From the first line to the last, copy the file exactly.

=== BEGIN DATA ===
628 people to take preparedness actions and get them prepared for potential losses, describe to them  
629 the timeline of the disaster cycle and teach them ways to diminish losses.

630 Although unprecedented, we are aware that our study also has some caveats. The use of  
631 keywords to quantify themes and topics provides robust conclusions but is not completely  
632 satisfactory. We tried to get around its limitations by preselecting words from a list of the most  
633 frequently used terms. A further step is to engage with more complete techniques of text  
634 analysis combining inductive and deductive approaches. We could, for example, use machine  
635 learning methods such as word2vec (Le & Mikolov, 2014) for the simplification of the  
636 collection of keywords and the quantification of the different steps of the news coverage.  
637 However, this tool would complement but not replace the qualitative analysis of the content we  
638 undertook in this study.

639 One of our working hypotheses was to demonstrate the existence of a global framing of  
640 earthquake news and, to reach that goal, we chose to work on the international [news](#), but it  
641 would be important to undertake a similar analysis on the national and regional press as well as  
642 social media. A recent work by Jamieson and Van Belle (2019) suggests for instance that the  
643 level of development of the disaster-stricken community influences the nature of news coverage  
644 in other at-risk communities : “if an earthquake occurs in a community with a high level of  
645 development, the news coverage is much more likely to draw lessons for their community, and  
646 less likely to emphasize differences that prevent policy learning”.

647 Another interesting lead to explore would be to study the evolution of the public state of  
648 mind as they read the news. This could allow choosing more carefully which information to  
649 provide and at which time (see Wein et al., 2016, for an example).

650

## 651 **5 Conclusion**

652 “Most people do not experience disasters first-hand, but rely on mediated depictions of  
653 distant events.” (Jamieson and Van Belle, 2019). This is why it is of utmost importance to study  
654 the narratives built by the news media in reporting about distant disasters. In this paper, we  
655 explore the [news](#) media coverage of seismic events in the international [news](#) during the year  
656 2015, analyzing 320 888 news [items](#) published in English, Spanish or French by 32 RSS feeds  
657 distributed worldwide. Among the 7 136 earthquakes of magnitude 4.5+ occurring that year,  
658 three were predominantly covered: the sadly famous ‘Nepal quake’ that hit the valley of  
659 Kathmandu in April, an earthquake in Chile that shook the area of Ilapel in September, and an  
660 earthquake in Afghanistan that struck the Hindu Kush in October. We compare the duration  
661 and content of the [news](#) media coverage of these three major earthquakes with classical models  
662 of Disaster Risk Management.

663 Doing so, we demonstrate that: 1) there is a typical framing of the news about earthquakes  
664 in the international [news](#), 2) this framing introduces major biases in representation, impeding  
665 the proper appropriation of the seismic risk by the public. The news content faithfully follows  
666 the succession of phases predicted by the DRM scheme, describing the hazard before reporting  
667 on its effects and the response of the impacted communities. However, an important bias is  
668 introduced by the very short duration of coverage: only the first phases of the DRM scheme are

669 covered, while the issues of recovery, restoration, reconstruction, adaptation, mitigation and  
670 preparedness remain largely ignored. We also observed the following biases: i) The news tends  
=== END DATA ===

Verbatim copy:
628 people to take preparedness actions and get them prepared for potential losses, describe to them  
629 the timeline of the disaster cycle and teach them ways to diminish losses.

630 Although unprecedented, we are aware that our study also has some caveats. The use of  
631 keywords to quantify themes and topics provides robust conclusions but is not completely  
632 satisfactory. We tried to get around its limitations by preselecting words from a list of the most  
633 frequently used terms. A further step is to engage with more complete techniques of text  
634 analysis combining inductive and deductive approaches. We could, for example, use machine  
635 learning methods such as word2vec (Le & Mikolov, 2014) for the simplification of the  
636 collection of keywords and the quantification of the different steps of the news coverage.  
637 However, this tool would complement but not replace the qualitative analysis of the content we  
638 undertook in this study.

639 One of our working hypotheses was to demonstrate the existence of a global framing of  
640 earthquake news and, to reach that goal, we chose to work on the international [news](#), but it  
641 would be important to undertake a similar analysis on the national and regional press as well as  
642 social media. A recent work by Jamieson and Van Belle (2019) suggests for instance that the  
643 level of development of the disaster-stricken community influences the nature of news coverage  
644 in other at-risk communities : “if an earthquake occurs in a community with a high level of  
645 development, the news coverage is much more likely to draw lessons for their community, and  
646 less likely to emphasize differences that prevent policy learning”.

647 Another interesting lead to explore would be to study the evolution of the public state of  
648 mind as they read the news. This could allow choosing more carefully which information to  
649 provide and at which time (see Wein et al., 2016, for an example).

650

## 651 **5 Conclusion**

652 “Most people do not experience disasters first-hand, but rely on mediated depictions of  
653 distant events.” (Jamieson and Van Belle, 2019). This is why it is of utmost importance to study  
654 the narratives built by the news media in reporting about distant disasters. In this paper, we  
655 explore the [news](#) media coverage of seismic events in the international [news](#) during the year  
656 2015, analyzing 320 888 news [items](#) published in English, Spanish or French by 32 RSS feeds  
657 distributed worldwide. Among the 7 136 earthquakes of magnitude 4.5+ occurring that year,  
658 three were predominantly covered: the sadly famous ‘Nepal quake’ that hit the valley of  
659 Kathmandu in April, an earthquake in Chile that shook the area of Ilapel in September, and an  
660 earthquake in Afghanistan that struck the Hindu Kush in October. We compare the duration  
661 and content of the [news](#) media coverage of these three major earthquakes with classical models  
662 of Disaster Risk Management.

663 Doing so, we demonstrate that: 1) there is a typical framing of the news about earthquakes  
664 in the international [news](#), 2) this framing introduces major biases in representation, impeding  
665 the proper appropriation of the seismic risk by the public. The news content faithfully follows  
666 the succession of phases predicted by the DRM scheme, describing the hazard before reporting  
667 on its effects and the response of the impacted communities. However, an important bias is  
668 introduced by the very short duration of coverage: only the first phases of the DRM scheme are

669 covered, while the issues of recovery, restoration, reconstruction, adaptation, mitigation and  
670 preparedness remain largely ignored. We also observed the following biases: i) The news tends  